[Distutils] Version numbers for module distributions

Greg Ward gward@cnri.reston.va.us
Thu, 10 Dec 1998 11:14:36 -0500

There have been a few rumbles about module version numbering on and off
the list, and I thought I should bring it all out into the open.  First,
I think I tossed off a random opinion along these lines:

   Module version numbers should follow the GNU standard: X.Y.Z, where
   X is the major version, Y is the minor version, and Z is the
   patch level.  Alpha and beta versions can be noted by appending 
   "aN" or "bN", where N is any integer.

This is still my opinion, although John Skaller raised a bunch of issues 
on the list, and Greg Stein noted a minor wrinlke in private email.
I'll address those momentarily.

First, let me eludicate the position above.  This was (roughly) my
opinion going into the Developer's Day session back at the Python
Conference, and when Eric Raymond said roughly the same thing (minus the
bit about alpha/beta version) based on his experience running the giant
sunsite archive, I was glad to hear I wasn't the only one who likes this
scheme.  (And after all, the GNU folks have a hell of a lot of
experience in these matters, and they have been right before!)  Finally,
this seems to be the version numbering system that Guido uses for Python
itself, which is another good precedent.

To be formal for a moment: a version number must match the regular
expression (ignore whitespace in the regex):

     (\d+) \. (\d+) \. (\d+) ([ab](\d+))?

Two possible changes I would consider open to debate:

  * replace [ab] with [a-z], to allow test versions beyond
    "beta"... although any programmer who goes up to "zeta" (or should
    that be omega?) really needs to look at his quality control... ;-)
  * make the patch number optional (and treat 1.0 and 1.0.0 as the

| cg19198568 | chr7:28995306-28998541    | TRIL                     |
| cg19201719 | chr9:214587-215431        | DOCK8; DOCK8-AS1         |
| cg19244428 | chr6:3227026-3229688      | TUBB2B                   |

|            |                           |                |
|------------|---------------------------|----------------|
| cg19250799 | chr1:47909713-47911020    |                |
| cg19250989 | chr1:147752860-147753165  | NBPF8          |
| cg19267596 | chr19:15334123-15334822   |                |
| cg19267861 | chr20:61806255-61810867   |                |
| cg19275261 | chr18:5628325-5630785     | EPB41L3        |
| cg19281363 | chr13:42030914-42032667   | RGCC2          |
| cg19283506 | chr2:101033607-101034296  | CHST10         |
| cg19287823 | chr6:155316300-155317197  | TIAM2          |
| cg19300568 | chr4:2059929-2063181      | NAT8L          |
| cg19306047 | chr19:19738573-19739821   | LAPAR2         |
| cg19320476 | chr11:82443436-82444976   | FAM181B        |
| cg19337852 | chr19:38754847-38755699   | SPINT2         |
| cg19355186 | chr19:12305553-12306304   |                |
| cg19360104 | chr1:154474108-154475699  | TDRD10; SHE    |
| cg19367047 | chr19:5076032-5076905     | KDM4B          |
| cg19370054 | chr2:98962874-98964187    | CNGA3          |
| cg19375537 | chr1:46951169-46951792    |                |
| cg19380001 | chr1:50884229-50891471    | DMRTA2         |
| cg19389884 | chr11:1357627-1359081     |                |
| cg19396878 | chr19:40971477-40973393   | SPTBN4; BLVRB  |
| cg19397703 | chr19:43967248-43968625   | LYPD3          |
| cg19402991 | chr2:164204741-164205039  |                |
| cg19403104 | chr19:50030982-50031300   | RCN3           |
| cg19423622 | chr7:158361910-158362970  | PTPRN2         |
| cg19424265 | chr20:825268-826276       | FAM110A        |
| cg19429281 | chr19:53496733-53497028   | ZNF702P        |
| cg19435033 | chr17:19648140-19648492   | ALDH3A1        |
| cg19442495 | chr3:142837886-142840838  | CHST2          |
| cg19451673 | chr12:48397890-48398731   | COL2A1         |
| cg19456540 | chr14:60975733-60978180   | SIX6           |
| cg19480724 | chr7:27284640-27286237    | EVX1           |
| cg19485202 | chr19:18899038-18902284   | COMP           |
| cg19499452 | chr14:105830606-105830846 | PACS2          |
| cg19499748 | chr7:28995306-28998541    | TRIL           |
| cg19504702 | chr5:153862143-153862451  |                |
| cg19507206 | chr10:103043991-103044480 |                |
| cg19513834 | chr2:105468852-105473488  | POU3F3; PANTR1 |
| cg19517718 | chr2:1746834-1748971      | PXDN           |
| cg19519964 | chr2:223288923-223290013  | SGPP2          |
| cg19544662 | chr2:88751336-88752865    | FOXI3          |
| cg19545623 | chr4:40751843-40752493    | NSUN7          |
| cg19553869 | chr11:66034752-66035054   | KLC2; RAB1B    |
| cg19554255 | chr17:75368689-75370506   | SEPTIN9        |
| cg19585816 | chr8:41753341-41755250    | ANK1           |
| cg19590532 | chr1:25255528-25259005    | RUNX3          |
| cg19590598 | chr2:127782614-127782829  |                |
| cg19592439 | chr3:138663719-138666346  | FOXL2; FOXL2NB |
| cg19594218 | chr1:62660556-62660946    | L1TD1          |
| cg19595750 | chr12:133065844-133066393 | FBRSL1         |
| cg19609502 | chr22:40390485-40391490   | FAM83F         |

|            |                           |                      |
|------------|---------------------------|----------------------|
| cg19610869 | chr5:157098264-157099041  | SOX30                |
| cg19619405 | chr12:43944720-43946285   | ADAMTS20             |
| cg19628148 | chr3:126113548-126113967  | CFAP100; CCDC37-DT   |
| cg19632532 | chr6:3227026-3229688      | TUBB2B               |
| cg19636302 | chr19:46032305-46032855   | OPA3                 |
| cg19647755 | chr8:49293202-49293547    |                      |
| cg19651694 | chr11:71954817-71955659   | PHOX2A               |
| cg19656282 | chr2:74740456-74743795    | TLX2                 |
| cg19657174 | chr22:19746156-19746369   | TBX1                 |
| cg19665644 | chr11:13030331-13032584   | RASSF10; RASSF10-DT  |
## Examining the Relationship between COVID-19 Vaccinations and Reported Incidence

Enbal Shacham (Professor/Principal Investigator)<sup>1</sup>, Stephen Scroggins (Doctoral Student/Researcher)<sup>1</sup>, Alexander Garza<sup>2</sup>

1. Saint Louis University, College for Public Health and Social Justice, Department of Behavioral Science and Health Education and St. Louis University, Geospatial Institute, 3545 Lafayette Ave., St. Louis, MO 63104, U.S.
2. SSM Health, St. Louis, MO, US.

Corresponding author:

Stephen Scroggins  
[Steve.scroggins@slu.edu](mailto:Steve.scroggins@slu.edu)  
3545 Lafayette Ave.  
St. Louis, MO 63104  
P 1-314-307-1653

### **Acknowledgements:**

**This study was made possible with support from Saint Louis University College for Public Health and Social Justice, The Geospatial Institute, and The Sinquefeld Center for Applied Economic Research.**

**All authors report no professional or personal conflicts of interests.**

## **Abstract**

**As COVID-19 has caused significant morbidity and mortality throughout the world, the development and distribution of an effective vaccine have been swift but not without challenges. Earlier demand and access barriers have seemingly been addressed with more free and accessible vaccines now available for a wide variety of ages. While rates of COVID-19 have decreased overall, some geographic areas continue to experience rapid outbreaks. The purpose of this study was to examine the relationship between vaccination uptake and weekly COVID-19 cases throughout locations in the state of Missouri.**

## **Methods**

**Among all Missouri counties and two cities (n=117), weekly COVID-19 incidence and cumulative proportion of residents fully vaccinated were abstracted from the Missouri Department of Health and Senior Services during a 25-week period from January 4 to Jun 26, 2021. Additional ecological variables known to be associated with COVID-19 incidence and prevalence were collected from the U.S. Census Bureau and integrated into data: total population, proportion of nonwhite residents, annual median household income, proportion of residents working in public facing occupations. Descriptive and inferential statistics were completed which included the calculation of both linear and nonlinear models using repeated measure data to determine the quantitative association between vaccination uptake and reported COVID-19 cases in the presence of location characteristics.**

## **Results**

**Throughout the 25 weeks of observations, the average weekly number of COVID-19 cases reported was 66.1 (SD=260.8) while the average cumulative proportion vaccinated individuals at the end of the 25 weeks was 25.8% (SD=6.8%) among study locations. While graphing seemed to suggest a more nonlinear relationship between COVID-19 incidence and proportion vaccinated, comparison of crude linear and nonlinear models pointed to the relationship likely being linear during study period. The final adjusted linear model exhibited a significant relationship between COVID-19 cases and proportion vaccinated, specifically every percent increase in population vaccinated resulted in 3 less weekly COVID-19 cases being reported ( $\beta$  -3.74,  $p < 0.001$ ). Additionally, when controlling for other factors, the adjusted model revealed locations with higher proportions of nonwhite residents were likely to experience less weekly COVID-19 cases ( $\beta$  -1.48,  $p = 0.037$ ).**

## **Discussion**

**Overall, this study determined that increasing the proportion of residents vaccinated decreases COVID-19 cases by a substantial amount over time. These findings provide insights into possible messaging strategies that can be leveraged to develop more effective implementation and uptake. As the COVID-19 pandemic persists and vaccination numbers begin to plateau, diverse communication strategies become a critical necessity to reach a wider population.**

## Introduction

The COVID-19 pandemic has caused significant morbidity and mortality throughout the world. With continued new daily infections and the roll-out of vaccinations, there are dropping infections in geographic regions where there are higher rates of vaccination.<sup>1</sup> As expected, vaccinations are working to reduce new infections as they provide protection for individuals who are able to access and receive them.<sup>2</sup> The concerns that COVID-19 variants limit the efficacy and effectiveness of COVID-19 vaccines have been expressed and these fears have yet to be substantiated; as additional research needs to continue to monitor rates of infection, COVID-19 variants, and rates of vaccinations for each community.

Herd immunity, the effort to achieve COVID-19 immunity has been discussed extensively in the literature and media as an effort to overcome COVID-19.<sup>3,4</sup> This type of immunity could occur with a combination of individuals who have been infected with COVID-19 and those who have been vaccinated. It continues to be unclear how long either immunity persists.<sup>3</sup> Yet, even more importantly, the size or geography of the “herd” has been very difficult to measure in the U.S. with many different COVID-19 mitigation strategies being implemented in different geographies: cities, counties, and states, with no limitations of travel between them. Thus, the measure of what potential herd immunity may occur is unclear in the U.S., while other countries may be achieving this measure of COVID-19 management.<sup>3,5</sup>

same version number)

Yes, this is very rigid.  But it also makes it pretty easy to parse,
split up, and compare version numbers.  Making alpha/beta numbers a
formal part is, IMHO, necessary, because intuitively 1.0.0a1 should be
less than 1.0.0 -- but no lexical or numeric comparison will draw this

Now, there should also be semi-formal guidelines on what the different
components of a version number *for modules* might mean:

  * a major number of 0 means the module is still being actively 
    developed and, while it may be ready for evaluation, nobody
    should depend on stability of interface or implementation
  * a change in the major number beyond 1 means a major change in the
    interface, possibly not backwards compatible with previous
    major releases
  * a change in the minor number means some new functionality has been
    added in a way that doesn't break the interface
  * a change in the patch level means bugs have been fixed without
    adding new functionality
  * an alpha version (X.Y.Z.aN) is an advance preview of a future
    release where the interface has not yet stabilized
  * a beta version (X.Y.Z.aN) is an advance preview of a future
    release where the interface has stabilized, but known bugs
    exist and are still being fixed

These rules have a number of implications that hadn't occurred to me
until just now, when I wrote them down.  In particular, whole classes of
version numbers make no sense at all.  Having an alpha version of
something with major number 0 (0.1a3) is silly, because that leading
zero already implies an unstable interface.  Likewise, having an alpha
version of a release with a non-zero patchlevel (1.3.4a2) is silly for
the opposite reason; a change in the patchlevel means only bugs are
being fixed, so there's no new interface to be unstable.  This of course
directly contradicts the semantics of Python version numbers; witness
1.5.2a2.  But Guido's allowed to make up his own semantics; I'm just
suggesting rules for Python module distributions.

Oh yeah, let me stress that: *module distributions*.  If you distribute
a bunch of modules together, they might each have a version number,
*but* there should also be a version number for the whole distribution.
(And the individual modules in the distribution could just go in